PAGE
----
Gogoro will seek to crack the notoriously competitive Chinese automotive market ahead of a Nasdaq listing via a special purpose acquisition company that will value the electric scooter and battery swapping tech group at $2.35bn.
The launch of Gogoro’s technology in Hangzhou on Monday is a sign of the enduring draw of the Chinese market despite investment and supply chain decoupling from China as Beijing cracks down on dominant domestic tech groups and foreign fundraising.
“It’s just a huge market. There’s just so many vehicles on the road there, you’ve got to go in,” Horace Luke, Gogoro’s founder and chief executive, told the Financial Times.
The Taiwan company’s foray into China also comes despite a plethora of challenges — including intellectual property theft, overcapacity and cut-throat competition — that has forestalled success for carmakers including Ford, Hyundai and Tesla in the country.
Gogoro is not selling its scooters in China, which, with 300m riders on the road, is the world’s biggest two-wheeled vehicle market. Instead, it is deploying its battery swapping technology in partnership with Yadea, the biggest maker of two-wheeled electric vehicles, and Dachangjiang, China’s leading seller of petrol-powered two-wheelers.
The Chinese companies are releasing new scooter models that will work on Gogoro’s swapping network, starting with 80 stations in Hangzhou. The network allows drivers to quickly swap depleted batteries, meaning they avoid charging their own scooters.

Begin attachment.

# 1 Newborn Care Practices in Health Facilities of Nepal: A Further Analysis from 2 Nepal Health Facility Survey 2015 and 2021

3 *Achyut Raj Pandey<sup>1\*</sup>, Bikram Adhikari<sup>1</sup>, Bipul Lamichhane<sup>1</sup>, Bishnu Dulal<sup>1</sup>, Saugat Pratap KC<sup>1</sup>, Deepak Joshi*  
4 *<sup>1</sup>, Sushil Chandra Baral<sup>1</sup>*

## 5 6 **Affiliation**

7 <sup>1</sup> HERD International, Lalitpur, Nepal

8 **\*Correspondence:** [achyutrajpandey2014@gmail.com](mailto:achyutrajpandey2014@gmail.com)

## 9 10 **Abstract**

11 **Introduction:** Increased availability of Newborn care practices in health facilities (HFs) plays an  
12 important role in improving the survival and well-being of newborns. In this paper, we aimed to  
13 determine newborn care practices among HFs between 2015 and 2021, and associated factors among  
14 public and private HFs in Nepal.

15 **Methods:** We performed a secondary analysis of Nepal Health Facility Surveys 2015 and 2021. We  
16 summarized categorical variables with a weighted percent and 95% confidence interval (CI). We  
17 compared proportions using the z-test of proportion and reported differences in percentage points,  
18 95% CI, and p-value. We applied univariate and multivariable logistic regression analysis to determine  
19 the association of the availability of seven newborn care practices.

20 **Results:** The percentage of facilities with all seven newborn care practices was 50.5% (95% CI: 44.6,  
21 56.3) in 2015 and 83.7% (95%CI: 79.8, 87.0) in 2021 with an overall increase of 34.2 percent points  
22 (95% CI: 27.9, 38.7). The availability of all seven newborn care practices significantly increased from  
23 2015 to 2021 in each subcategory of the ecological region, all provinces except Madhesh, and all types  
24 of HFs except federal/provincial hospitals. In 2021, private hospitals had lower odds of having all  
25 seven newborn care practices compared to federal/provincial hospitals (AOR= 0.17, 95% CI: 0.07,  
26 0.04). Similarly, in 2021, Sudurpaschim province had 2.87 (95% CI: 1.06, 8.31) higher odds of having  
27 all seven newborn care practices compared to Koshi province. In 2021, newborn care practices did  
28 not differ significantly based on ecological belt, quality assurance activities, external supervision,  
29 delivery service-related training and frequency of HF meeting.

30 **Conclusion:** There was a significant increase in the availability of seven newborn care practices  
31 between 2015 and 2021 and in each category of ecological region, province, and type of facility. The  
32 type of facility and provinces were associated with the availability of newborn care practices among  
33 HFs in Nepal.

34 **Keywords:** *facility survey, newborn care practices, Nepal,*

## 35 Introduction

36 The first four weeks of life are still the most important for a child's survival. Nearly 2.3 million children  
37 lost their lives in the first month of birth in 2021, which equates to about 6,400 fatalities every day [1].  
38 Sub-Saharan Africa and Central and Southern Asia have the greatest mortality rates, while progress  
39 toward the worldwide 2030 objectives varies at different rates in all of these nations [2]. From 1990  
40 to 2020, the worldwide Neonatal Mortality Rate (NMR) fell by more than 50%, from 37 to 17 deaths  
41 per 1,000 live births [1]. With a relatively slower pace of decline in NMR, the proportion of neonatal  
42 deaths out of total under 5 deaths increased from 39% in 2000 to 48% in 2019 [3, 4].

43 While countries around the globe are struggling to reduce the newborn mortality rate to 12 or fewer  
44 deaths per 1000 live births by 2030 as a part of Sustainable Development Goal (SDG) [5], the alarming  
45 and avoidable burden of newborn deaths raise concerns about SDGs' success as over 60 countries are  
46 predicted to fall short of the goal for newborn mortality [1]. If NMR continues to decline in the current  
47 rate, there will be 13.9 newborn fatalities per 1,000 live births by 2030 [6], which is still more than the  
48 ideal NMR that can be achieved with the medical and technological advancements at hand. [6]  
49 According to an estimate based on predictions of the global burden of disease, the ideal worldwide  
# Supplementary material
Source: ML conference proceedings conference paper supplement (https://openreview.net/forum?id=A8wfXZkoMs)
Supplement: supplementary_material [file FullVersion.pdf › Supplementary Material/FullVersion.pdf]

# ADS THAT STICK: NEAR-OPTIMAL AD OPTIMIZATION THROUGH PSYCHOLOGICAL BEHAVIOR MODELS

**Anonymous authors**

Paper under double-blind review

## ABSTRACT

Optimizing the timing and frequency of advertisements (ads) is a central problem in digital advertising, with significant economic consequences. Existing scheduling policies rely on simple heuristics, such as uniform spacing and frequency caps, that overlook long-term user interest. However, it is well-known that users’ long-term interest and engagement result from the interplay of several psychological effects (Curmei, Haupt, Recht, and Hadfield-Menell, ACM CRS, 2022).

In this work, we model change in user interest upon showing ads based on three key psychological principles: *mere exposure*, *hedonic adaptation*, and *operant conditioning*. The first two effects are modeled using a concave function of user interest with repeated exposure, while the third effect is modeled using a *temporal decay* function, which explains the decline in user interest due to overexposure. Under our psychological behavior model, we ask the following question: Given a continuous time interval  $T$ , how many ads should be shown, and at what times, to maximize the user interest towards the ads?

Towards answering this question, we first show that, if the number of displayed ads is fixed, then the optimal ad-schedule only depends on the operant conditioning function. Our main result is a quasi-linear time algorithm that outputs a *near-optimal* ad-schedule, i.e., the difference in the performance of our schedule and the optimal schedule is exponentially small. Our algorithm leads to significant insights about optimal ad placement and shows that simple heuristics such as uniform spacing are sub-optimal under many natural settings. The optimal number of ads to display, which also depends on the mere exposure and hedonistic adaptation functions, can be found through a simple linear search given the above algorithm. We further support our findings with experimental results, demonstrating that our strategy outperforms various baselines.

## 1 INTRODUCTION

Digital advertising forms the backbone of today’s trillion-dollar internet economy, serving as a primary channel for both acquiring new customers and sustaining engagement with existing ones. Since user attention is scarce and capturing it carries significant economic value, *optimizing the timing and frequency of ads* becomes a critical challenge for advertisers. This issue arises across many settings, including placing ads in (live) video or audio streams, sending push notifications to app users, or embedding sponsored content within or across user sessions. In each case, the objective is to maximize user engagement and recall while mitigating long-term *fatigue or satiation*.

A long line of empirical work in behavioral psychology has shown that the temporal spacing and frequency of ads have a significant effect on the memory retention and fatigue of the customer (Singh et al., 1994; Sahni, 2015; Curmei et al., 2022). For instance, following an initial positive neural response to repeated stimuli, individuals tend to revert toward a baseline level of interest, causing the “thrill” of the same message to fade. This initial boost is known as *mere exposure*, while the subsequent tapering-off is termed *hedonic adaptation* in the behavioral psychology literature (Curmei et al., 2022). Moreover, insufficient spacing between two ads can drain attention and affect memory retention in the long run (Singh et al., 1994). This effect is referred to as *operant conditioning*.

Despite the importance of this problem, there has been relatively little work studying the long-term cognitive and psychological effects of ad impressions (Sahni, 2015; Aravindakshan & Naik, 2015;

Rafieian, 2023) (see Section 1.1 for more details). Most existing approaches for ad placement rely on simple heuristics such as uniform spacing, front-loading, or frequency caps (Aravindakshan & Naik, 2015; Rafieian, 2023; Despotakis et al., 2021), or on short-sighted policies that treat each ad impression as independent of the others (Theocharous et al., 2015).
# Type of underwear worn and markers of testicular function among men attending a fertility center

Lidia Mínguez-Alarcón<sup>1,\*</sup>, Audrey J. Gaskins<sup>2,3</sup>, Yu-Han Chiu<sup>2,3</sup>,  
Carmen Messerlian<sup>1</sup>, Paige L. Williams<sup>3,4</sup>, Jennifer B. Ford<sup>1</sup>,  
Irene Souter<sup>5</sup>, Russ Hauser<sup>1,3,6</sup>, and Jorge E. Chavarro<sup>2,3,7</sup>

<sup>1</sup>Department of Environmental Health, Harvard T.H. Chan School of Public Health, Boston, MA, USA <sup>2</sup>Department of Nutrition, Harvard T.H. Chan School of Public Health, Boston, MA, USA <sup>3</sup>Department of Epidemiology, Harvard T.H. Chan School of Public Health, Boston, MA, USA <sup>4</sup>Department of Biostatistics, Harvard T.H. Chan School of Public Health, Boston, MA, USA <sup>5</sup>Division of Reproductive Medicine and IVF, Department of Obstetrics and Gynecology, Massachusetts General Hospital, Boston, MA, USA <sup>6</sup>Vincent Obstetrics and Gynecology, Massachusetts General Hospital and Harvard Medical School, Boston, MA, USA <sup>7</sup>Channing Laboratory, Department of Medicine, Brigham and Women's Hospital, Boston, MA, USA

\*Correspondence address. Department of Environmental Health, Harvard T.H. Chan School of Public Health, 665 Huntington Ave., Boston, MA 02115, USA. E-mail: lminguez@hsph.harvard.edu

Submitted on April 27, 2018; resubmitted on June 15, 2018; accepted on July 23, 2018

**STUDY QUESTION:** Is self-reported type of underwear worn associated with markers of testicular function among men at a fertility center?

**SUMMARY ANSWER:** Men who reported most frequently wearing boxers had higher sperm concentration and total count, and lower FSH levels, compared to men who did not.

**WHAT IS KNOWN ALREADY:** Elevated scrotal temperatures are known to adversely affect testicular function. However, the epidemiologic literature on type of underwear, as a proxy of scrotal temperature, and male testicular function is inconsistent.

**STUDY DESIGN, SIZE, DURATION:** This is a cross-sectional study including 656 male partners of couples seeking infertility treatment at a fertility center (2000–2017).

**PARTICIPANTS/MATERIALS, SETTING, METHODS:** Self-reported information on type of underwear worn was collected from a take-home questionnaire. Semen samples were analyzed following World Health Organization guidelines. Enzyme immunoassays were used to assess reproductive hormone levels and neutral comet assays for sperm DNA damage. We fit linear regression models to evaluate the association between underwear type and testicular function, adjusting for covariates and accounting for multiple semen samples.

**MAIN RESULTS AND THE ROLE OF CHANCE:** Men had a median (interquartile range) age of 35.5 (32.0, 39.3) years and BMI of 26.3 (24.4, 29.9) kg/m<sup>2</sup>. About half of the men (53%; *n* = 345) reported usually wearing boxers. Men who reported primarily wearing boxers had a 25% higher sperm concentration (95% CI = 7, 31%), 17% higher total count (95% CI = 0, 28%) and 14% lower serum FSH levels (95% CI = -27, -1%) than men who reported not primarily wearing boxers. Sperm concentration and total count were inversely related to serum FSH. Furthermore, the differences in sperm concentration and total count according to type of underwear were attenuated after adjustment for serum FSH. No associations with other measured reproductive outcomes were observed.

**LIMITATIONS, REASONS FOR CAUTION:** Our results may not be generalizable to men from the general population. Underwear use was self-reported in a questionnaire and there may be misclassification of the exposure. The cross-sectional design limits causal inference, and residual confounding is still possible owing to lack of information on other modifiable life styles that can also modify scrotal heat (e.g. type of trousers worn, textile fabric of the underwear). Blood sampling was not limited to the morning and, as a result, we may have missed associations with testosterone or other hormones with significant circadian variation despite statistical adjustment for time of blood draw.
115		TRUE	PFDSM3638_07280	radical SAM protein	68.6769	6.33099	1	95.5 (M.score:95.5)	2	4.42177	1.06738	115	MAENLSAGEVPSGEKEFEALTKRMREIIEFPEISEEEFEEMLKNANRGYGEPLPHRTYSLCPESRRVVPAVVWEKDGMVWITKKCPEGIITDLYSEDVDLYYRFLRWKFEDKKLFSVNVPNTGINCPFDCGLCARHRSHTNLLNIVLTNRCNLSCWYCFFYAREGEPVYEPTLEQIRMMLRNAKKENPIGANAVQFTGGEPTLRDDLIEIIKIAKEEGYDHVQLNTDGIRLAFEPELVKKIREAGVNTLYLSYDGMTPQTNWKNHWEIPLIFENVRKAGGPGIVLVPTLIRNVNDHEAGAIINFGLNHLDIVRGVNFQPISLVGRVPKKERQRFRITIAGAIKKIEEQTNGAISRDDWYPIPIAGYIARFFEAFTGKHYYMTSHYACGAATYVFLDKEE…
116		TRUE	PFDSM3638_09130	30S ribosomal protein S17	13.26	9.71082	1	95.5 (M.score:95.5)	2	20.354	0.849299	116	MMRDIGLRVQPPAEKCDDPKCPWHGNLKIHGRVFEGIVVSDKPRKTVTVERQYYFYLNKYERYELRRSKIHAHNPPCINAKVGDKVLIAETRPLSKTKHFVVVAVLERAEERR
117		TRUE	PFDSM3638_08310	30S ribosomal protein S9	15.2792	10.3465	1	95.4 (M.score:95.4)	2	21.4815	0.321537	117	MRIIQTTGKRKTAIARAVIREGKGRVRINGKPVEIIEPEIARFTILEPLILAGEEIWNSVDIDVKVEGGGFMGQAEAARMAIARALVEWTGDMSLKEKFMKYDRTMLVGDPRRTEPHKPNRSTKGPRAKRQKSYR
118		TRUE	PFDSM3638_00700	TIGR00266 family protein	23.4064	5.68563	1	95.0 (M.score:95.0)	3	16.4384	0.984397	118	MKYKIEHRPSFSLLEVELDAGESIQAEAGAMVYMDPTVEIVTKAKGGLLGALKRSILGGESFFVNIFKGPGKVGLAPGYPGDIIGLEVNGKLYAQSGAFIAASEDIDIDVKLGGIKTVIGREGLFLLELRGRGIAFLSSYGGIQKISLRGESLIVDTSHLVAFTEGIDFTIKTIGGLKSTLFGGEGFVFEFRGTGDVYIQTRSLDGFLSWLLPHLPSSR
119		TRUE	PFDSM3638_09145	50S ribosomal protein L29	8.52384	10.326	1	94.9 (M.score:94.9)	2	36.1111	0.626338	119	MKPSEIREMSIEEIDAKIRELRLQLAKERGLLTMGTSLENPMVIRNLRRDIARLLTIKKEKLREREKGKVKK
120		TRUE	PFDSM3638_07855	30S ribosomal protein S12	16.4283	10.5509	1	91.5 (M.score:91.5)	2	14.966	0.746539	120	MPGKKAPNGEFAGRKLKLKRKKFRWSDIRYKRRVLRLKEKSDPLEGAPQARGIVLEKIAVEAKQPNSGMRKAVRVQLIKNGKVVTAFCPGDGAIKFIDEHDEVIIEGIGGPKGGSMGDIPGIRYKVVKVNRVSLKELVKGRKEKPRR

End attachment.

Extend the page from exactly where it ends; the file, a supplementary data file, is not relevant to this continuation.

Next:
The joint-venture model, Luke said, was comparable to the approach in China of Microsoft or chip designer MediaTek, companies whose platforms and underpinning technology are licensed by local groups.
Luke also contrasted the plan with that of Tesla, whose dominance in China has been this year challenged by domestic brands and state media attacks. By working with Chinese companies, rather than competing against them, Gogoro believes it is less likely to suffer IP theft and will be less exposed to the competitive pressures that stymied other global automakers.
“We believed in an ‘Android’ platform, we don’t believe in the ‘Apple’ way of doing it, or the ‘Tesla’ way of doing it,” Luke said, referring to Google’s smartphone operating system, which is available on some rival manufacturers’ models. “Instead, we focus just on developing these partners and enabling them to use our platform.”
Gogoro’s entrance to the Chinese market comes at a critical juncture for the company, which is backed by Singapore’s state-owned investment fund and Al Gore’s Generation Investment Management.
Luke, a former Microsoft executive, plans to raise $550m by taking the company public through a merger with a blank cheque vehicle in the first quarter of 2022.
Gogoro’s existing shareholders will hold close to 80 per cent of the shares after the listing, which is also backed by iPhone maker Foxconn and GoTo, the merged business of Gojek and Tokopedia and Indonesia’s biggest tech group.
“How much is on the line? A lot,” Luke said of the timing.
Tu Le, managing director of Sino Auto Insights, warned that China would be a “challenging” business environment for Gogoro, saying it needed to ensure its battery swapping infrastructure was built “in the right places”.
Gogoro’s move also comes as the broader EV market is in flux. Booming electric vehicle sales in China are a bright spot for the broader industry, which has been beset by production cuts stemming from shortages of chips and other components and fears of power shortages.
However, factory overcapacity in China, a hangover from years of state subsidies, has complicated the outlook of the local sector, with ramifications beyond China as analysts pointed to fears that low-cost vehicles would be dumped in foreign markets.
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